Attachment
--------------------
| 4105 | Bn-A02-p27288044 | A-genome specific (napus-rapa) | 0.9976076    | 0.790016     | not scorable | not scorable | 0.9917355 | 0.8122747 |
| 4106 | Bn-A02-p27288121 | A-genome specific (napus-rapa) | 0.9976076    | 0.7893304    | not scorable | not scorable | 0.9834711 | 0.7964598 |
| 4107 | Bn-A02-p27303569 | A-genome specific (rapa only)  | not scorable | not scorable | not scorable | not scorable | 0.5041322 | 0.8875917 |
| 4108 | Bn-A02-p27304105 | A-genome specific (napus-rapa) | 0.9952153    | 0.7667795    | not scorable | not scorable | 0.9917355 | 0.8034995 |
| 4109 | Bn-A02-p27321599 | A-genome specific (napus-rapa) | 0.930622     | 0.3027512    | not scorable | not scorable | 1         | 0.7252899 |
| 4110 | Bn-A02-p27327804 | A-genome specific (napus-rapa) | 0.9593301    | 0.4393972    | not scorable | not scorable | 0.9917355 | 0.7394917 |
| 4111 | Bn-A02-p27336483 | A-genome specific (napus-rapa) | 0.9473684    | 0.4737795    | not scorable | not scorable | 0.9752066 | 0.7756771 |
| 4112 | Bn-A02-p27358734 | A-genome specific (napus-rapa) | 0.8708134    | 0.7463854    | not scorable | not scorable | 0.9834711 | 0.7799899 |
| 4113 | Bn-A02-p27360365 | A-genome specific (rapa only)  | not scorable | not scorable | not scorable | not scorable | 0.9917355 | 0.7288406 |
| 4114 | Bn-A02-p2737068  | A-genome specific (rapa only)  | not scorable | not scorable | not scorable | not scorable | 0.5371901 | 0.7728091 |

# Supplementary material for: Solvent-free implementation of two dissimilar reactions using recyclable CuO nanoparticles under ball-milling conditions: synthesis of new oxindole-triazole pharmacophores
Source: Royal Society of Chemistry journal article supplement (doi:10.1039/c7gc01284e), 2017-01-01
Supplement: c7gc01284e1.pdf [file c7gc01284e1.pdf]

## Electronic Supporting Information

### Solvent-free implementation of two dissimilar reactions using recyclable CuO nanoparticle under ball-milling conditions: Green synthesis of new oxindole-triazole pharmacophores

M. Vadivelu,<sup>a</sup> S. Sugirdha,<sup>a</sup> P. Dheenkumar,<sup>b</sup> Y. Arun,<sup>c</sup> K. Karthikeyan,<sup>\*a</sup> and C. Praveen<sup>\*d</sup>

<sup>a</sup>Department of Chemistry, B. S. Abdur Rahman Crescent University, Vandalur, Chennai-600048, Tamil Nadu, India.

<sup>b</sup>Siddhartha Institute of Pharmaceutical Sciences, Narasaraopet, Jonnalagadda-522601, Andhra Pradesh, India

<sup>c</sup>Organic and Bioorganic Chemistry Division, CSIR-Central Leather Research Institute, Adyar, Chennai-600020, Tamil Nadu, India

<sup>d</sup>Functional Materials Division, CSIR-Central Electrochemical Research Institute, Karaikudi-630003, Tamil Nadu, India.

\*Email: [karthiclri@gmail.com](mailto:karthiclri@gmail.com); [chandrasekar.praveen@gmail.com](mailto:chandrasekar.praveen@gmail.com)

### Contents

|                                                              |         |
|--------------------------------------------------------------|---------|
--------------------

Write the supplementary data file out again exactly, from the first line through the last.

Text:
| 4105 | Bn-A02-p27288044 | A-genome specific (napus-rapa) | 0.9976076    | 0.790016     | not scorable | not scorable | 0.9917355 | 0.8122747 |
| 4106 | Bn-A02-p27288121 | A-genome specific (napus-rapa) | 0.9976076    | 0.7893304    | not scorable | not scorable | 0.9834711 | 0.7964598 |
| 4107 | Bn-A02-p27303569 | A-genome specific (rapa only)  | not scorable | not scorable | not scorable | not scorable | 0.5041322 | 0.8875917 |
| 4108 | Bn-A02-p27304105 | A-genome specific (napus-rapa) | 0.9952153    | 0.7667795    | not scorable | not scorable | 0.9917355 | 0.8034995 |
| 4109 | Bn-A02-p27321599 | A-genome specific (napus-rapa) | 0.930622     | 0.3027512    | not scorable | not scorable | 1         | 0.7252899 |
| 4110 | Bn-A02-p27327804 | A-genome specific (napus-rapa) | 0.9593301    | 0.4393972    | not scorable | not scorable | 0.9917355 | 0.7394917 |
| 4111 | Bn-A02-p27336483 | A-genome specific (napus-rapa) | 0.9473684    | 0.4737795    | not scorable | not scorable | 0.9752066 | 0.7756771 |
| 4112 | Bn-A02-p27358734 | A-genome specific (napus-rapa) | 0.8708134    | 0.7463854    | not scorable | not scorable | 0.9834711 | 0.7799899 |
| 4113 | Bn-A02-p27360365 | A-genome specific (rapa only)  | not scorable | not scorable | not scorable | not scorable | 0.9917355 | 0.7288406 |
| 4114 | Bn-A02-p2737068  | A-genome specific (rapa only)  | not scorable | not scorable | not scorable | not scorable | 0.5371901 | 0.7728091 |

# Supplementary material for: Solvent-free implementation of two dissimilar reactions using recyclable CuO nanoparticles under ball-milling conditions: synthesis of new oxindole-triazole pharmacophores
Source: Royal Society of Chemistry journal article supplement (doi:10.1039/c7gc01284e), 2017-01-01
Supplement: c7gc01284e1.pdf [file c7gc01284e1.pdf]

## Electronic Supporting Information

### Solvent-free implementation of two dissimilar reactions using recyclable CuO nanoparticle under ball-milling conditions: Green synthesis of new oxindole-triazole pharmacophores

M. Vadivelu,<sup>a</sup> S. Sugirdha,<sup>a</sup> P. Dheenkumar,<sup>b</sup> Y. Arun,<sup>c</sup> K. Karthikeyan,<sup>\*a</sup> and C. Praveen<sup>\*d</sup>

<sup>a</sup>Department of Chemistry, B. S. Abdur Rahman Crescent University, Vandalur, Chennai-600048, Tamil Nadu, India.

<sup>b</sup>Siddhartha Institute of Pharmaceutical Sciences, Narasaraopet, Jonnalagadda-522601, Andhra Pradesh, India

<sup>c</sup>Organic and Bioorganic Chemistry Division, CSIR-Central Leather Research Institute, Adyar, Chennai-600020, Tamil Nadu, India

<sup>d</sup>Functional Materials Division, CSIR-Central Electrochemical Research Institute, Karaikudi-630003, Tamil Nadu, India.

\*Email: [karthiclri@gmail.com](mailto:karthiclri@gmail.com); [chandrasekar.praveen@gmail.com](mailto:chandrasekar.praveen@gmail.com)

### Contents

|                                                              |         |
|--------------------------------------------------------------|---------|